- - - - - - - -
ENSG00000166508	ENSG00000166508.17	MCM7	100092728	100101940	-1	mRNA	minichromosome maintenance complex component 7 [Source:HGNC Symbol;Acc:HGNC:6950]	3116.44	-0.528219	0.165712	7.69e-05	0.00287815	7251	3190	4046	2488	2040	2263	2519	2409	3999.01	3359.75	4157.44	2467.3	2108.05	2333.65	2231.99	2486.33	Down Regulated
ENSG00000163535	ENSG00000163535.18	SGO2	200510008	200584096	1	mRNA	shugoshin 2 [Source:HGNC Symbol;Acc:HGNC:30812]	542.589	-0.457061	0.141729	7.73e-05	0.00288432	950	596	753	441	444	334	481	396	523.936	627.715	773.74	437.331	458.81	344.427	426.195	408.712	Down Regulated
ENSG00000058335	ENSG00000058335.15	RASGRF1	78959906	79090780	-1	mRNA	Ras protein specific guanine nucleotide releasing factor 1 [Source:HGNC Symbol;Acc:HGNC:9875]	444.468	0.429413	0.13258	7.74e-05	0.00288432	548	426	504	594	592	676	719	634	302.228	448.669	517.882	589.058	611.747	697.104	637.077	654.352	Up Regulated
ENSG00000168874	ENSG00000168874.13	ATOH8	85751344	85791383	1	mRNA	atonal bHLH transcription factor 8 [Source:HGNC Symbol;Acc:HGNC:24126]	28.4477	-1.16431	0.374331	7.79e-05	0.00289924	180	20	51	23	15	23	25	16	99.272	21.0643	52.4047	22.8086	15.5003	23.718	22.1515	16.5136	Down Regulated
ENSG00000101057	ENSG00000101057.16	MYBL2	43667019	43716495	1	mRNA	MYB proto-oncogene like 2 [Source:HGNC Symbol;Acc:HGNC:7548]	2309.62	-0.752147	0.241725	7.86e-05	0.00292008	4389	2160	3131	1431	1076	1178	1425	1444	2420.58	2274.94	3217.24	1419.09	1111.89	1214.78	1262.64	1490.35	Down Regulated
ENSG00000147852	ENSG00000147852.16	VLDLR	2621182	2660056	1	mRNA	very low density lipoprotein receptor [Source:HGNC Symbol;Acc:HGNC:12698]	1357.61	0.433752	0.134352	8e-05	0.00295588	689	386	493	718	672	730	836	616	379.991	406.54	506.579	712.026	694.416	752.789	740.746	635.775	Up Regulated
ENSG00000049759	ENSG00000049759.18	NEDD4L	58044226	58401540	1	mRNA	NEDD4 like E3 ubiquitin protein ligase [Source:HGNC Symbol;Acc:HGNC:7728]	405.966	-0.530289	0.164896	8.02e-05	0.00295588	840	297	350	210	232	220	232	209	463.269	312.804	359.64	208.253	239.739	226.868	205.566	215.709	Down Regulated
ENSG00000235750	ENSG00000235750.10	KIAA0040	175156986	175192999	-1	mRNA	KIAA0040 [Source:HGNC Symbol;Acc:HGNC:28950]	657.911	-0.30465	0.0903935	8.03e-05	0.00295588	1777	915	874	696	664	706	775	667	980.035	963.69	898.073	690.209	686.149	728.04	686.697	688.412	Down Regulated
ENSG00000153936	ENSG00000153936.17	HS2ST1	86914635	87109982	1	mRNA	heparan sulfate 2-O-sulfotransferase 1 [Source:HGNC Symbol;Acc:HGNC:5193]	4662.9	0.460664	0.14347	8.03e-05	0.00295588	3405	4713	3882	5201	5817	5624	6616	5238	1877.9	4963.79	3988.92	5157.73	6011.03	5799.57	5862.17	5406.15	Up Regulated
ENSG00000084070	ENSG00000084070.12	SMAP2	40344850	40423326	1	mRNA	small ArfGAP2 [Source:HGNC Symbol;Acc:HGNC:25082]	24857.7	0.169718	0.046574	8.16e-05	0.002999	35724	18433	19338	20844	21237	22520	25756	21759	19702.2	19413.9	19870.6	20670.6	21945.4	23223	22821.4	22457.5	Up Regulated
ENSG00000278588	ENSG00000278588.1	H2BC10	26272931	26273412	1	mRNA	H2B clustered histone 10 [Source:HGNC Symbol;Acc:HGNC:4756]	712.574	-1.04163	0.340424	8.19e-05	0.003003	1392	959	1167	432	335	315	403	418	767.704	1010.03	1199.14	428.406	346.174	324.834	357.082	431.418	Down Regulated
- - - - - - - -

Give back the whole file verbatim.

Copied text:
ENSG00000166508	ENSG00000166508.17	MCM7	100092728	100101940	-1	mRNA	minichromosome maintenance complex component 7 [Source:HGNC Symbol;Acc:HGNC:6950]	3116.44	-0.528219	0.165712	7.69e-05	0.00287815	7251	3190	4046	2488	2040	2263	2519	2409	3999.01	3359.75	4157.44	2467.3	2108.05	2333.65	2231.99	2486.33	Down Regulated
ENSG00000163535	ENSG00000163535.18	SGO2	200510008	200584096	1	mRNA	shugoshin 2 [Source:HGNC Symbol;Acc:HGNC:30812]	542.589	-0.457061	0.141729	7.73e-05	0.00288432	950	596	753	441	444	334	481	396	523.936	627.715	773.74	437.331	458.81	344.427	426.195	408.712	Down Regulated
ENSG00000058335	ENSG00000058335.15	RASGRF1	78959906	79090780	-1	mRNA	Ras protein specific guanine nucleotide releasing factor 1 [Source:HGNC Symbol;Acc:HGNC:9875]	444.468	0.429413	0.13258	7.74e-05	0.00288432	548	426	504	594	592	676	719	634	302.228	448.669	517.882	589.058	611.747	697.104	637.077	654.352	Up Regulated
ENSG00000168874	ENSG00000168874.13	ATOH8	85751344	85791383	1	mRNA	atonal bHLH transcription factor 8 [Source:HGNC Symbol;Acc:HGNC:24126]	28.4477	-1.16431	0.374331	7.79e-05	0.00289924	180	20	51	23	15	23	25	16	99.272	21.0643	52.4047	22.8086	15.5003	23.718	22.1515	16.5136	Down Regulated
ENSG00000101057	ENSG00000101057.16	MYBL2	43667019	43716495	1	mRNA	MYB proto-oncogene like 2 [Source:HGNC Symbol;Acc:HGNC:7548]	2309.62	-0.752147	0.241725	7.86e-05	0.00292008	4389	2160	3131	1431	1076	1178	1425	1444	2420.58	2274.94	3217.24	1419.09	1111.89	1214.78	1262.64	1490.35	Down Regulated
ENSG00000147852	ENSG00000147852.16	VLDLR	2621182	2660056	1	mRNA	very low density lipoprotein receptor [Source:HGNC Symbol;Acc:HGNC:12698]	1357.61	0.433752	0.134352	8e-05	0.00295588	689	386	493	718	672	730	836	616	379.991	406.54	506.579	712.026	694.416	752.789	740.746	635.775	Up Regulated
ENSG00000049759	ENSG00000049759.18	NEDD4L	58044226	58401540	1	mRNA	NEDD4 like E3 ubiquitin protein ligase [Source:HGNC Symbol;Acc:HGNC:7728]	405.966	-0.530289	0.164896	8.02e-05	0.00295588	840	297	350	210	232	220	232	209	463.269	312.804	359.64	208.253	239.739	226.868	205.566	215.709	Down Regulated
ENSG00000235750	ENSG00000235750.10	KIAA0040	175156986	175192999	-1	mRNA	KIAA0040 [Source:HGNC Symbol;Acc:HGNC:28950]	657.911	-0.30465	0.0903935	8.03e-05	0.00295588	1777	915	874	696	664	706	775	667	980.035	963.69	898.073	690.209	686.149	728.04	686.697	688.412	Down Regulated
ENSG00000153936	ENSG00000153936.17	HS2ST1	86914635	87109982	1	mRNA	heparan sulfate 2-O-sulfotransferase 1 [Source:HGNC Symbol;Acc:HGNC:5193]	4662.9	0.460664	0.14347	8.03e-05	0.00295588	3405	4713	3882	5201	5817	5624	6616	5238	1877.9	4963.79	3988.92	5157.73	6011.03	5799.57	5862.17	5406.15	Up Regulated
ENSG00000084070	ENSG00000084070.12	SMAP2	40344850	40423326	1	mRNA	small ArfGAP2 [Source:HGNC Symbol;Acc:HGNC:25082]	24857.7	0.169718	0.046574	8.16e-05	0.002999	35724	18433	19338	20844	21237	22520	25756	21759	19702.2	19413.9	19870.6	20670.6	21945.4	23223	22821.4	22457.5	Up Regulated
ENSG00000278588	ENSG00000278588.1	H2BC10	26272931	26273412	1	mRNA	H2B clustered histone 10 [Source:HGNC Symbol;Acc:HGNC:4756]	712.574	-1.04163	0.340424	8.19e-05	0.003003	1392	959	1167	432	335	315	403	418	767.704	1010.03	1199.14	428.406	346.174	324.834	357.082	431.418	Down Regulated